Zac Boyer will be entering his third season covering the Washington Redskins for The Free Lance-Star this fall. Make sure to follow Zac on Twitter (@ZacBoyer) for the latest updates or e-mail him with any questions at email@example.com.
So Far, Mostly Good For Redskins
This story appeared on page B1 of Monday’s Free Lance-Star
ASHBURN — When Rex Grossman made the proclamation during training camp that the Washington Redskins would win the NFC East, it was dismissed by many as, if not an outright foolish sentiment, certainly a lofty expectation.
This was, after all, a quarterback who had only marginal success in his first nine years in the NFL now leading a team that had finished 6-10 a year before. There were significant issues with the team’s offense and defense, and as a result, training camp opened with several new players whom the coaching staff hoped would provide some type of answer.
Though entirely through the Redskins’ own doing, Grossman’s guarantee looks a bit more reasonable four weeks into the season. Washington (3-1) leads the NFC East and exits its bye week with the chance to put greater distance between itself and its rivals with a game Sunday at FedEx Field against Philadelphia.
“You’re only four games into it and there’s some positives and there’s always some negatives, but this is a game-by-game league,” head coach Mike Shanahan said. “Our guys are smart enough to understand what happens in this league.”
The start to the season isn’t necessarily surprising. Washington caught division rival New York when the Giants were struggling with injuries, defeated an Arizona team in a rebuilding year and beat the winless St. Louis Rams.
Only a two-point loss at Dallas — one in which the Redskins struggled to run the ball and were unable to finish the game — stands between the team and an undefeated record.
“We’re never satisfied,” linebacker London Fletcher said. “We’re always striving to get better. Yeah, we like our record right now, but we know we can play a lot better football and there’s a lot better football to be played.”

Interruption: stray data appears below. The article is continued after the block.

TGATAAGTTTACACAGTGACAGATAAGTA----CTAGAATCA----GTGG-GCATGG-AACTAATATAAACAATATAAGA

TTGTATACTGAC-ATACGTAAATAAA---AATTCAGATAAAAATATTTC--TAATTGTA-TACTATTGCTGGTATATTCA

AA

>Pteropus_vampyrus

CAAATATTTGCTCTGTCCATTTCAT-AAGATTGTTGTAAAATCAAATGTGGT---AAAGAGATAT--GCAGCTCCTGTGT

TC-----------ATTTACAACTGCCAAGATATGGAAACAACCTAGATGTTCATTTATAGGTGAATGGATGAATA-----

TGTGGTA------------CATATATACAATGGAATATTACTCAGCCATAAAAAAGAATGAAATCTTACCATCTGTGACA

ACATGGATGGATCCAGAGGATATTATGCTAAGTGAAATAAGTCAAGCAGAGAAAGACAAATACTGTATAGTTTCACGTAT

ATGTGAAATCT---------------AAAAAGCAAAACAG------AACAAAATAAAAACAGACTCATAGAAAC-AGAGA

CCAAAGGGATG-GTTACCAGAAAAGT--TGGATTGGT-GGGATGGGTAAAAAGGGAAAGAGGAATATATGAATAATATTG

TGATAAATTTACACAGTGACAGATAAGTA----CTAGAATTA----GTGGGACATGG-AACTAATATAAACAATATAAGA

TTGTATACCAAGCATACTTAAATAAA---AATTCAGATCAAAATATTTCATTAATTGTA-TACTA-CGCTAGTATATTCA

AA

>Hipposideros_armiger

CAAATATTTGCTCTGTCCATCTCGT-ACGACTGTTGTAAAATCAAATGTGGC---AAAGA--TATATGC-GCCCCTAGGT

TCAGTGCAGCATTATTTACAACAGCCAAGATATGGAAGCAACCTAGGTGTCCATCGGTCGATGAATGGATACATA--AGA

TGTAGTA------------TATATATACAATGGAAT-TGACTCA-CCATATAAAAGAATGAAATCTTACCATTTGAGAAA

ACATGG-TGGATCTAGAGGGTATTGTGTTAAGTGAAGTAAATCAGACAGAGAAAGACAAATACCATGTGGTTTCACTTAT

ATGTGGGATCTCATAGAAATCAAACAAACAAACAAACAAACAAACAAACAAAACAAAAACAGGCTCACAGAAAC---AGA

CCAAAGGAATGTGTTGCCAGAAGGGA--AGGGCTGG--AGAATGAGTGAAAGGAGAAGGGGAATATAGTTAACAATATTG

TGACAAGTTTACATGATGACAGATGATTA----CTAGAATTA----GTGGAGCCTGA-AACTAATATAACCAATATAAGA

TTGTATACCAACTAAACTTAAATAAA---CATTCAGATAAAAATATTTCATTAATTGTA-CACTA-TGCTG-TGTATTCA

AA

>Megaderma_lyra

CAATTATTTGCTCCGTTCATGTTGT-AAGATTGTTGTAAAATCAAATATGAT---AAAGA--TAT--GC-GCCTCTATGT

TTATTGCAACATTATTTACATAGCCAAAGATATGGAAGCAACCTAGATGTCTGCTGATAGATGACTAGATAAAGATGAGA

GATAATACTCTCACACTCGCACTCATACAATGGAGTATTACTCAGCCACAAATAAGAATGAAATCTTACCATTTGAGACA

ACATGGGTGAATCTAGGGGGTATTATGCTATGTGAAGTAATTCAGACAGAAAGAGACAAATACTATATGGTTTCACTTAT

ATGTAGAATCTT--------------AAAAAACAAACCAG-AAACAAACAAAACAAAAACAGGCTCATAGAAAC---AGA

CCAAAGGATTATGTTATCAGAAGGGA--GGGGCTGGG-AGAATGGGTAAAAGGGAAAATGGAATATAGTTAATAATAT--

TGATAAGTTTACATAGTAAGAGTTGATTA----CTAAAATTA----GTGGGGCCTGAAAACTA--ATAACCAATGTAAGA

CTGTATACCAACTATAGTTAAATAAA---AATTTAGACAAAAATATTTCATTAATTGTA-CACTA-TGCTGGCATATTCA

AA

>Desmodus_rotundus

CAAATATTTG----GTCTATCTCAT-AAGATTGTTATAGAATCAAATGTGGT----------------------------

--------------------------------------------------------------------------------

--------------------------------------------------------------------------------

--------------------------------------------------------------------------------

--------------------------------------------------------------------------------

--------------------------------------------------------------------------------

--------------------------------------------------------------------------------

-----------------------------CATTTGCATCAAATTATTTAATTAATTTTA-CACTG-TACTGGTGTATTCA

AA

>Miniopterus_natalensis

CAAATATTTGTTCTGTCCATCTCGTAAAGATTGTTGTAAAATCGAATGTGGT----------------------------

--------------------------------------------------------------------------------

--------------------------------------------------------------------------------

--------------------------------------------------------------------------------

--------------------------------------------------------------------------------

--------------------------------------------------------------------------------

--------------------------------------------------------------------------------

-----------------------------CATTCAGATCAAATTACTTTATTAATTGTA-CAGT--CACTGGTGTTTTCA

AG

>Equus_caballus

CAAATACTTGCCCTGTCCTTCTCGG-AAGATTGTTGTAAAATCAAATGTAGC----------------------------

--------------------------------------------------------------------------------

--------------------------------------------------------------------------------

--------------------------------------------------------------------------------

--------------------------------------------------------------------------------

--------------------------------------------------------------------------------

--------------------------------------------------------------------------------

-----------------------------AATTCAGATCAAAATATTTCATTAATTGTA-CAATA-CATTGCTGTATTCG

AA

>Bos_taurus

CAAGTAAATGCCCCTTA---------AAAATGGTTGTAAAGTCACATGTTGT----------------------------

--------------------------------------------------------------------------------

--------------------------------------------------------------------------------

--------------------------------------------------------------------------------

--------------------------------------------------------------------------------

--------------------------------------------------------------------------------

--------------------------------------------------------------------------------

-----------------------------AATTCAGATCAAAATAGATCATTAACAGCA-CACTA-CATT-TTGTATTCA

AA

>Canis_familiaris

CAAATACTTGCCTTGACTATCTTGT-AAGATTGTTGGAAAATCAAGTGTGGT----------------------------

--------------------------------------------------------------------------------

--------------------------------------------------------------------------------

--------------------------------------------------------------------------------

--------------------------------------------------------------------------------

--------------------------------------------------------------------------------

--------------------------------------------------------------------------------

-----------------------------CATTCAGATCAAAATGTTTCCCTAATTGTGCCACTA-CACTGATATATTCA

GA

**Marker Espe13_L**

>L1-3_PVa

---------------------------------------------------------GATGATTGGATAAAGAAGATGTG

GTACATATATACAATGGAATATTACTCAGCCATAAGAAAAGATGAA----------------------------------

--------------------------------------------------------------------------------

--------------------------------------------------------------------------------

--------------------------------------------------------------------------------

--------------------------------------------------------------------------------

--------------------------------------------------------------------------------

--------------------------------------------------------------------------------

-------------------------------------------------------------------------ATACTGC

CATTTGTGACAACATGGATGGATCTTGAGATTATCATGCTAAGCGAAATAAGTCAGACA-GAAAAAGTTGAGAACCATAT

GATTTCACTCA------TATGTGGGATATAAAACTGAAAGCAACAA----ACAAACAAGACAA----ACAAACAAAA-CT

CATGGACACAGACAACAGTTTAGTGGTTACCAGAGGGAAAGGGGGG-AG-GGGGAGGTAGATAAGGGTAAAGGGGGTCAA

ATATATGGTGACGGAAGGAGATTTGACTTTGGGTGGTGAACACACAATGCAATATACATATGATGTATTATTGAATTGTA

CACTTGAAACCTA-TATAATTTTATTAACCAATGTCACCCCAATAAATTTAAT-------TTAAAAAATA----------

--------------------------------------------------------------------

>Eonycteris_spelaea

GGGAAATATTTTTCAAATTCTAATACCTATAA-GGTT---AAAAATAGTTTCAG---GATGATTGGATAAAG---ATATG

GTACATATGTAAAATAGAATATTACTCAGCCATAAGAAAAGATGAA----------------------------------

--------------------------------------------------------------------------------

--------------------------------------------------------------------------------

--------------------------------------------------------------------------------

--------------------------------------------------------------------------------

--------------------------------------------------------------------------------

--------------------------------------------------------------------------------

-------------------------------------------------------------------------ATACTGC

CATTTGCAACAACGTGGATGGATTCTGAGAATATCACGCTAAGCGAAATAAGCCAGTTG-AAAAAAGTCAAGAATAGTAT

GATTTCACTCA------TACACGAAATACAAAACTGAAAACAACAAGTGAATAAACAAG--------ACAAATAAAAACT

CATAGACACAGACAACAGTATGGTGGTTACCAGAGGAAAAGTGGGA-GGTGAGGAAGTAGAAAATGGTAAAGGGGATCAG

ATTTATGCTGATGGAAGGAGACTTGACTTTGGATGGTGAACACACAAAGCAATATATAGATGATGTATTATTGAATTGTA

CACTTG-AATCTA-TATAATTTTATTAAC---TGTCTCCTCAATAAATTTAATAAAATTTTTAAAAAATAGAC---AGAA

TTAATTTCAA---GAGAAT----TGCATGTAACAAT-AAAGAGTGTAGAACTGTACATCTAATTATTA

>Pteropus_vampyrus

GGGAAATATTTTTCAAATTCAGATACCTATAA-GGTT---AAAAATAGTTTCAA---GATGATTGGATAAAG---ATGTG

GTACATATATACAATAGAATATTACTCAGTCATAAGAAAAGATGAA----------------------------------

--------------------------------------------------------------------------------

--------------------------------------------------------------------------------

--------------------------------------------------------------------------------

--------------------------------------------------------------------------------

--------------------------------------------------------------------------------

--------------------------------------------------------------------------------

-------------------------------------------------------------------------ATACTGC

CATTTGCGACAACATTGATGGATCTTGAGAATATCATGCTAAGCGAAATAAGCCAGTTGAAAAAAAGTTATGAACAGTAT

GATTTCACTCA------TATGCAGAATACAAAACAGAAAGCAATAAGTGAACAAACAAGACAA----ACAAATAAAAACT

Fletcher should know. It was the defense that, a year ago, caused the Redskins their greatest pains by allowing the second-most yards in the NFL.
But those issues seemingly have been rectified this season behind a unit that has five new starters and is allowing 296.5 yards per game, fifth in the league after four games.
Outside linebacker Brian Orakpo has accounted for 3 sacks and two forced fumbles and has greatly improved his pass coverage skills, and fellow outside linebacker Ryan Kerrigan, a first-round draft pick, has been nothing but stellar with 17 tackles, two sacks, two forced fumbles and an interception returned for a touchdown.
“We didn’t want to be all about talk,” Orakpo said. “We wanted to prove it. Guys are playing together, man, and it really pays off right now.”
The successes by Orakpo and Kerrigan have translated elsewhere on the defense. The line has been stout, with nose tackle Barry Cofield showing he can apply pressure to the quarterback and not just eat up blocks and play a role as a run stopper.
Even defensive ends Stephen Bowen and Adam Carriker, whose names aren’t necessarily supposed to appear in the box score in a 3-4 defense, have surprised coaches with their abilities to get to the quarterback when the linebackers can’t.
“I think if they can’t focus on the outside guys, all of a sudden we’re coming free,” Carriker said. “If they focus on us, they’re coming free. When everybody’s getting pressure, it helps everybody.”
Even the offense is doing its part. Behind Grossman — who started the final three games last season and beat John Beck in a competition during the preseason — the Redskins ranked 15th in the NFL in total offense entering the bye and average 356 yards per game.
The running game has played a steady role in that, with the 126.8-yard average led by Tim Hightower, Ryan Torain and Roy Helu tied for sixth in the league through four games.
“We have three talented runners with a little bit different style to them, and we complement each other really well,” said Hightower, a former University of Richmond standout who was acquired early in training camp in a trade with Arizona.
“I think it’s on us, really. The O-line is going to be great. They’re going to do what they do. The system is not changing. It’s going to come down to every single one of us in practice like we’ve been doing — just pushing each other.”
And while the Redskins could get more on special teams, including from Brandon Banks in the return game, its struggles have been minimized. Graham Gano has missed three field goals, two of which have been blocked, but has routinely been able to pin opponents deep on kickoffs, and punter Sav Rocca put 12 punts inside the 20-yard line in his first four weeks — more than any other punter.
Continuing the momentum earned through the first four games will be key for the Redskins, who have never finished with a losing record when entering the break above .500 since 1990, when bye weeks began.
“What we’re trying to do is play our best football in November, December and January, and you want to keep on getting better through the season,” Shanahan said. “That’s what I’m hoping we can accomplish through the remainder of the 12 games of the regular season.”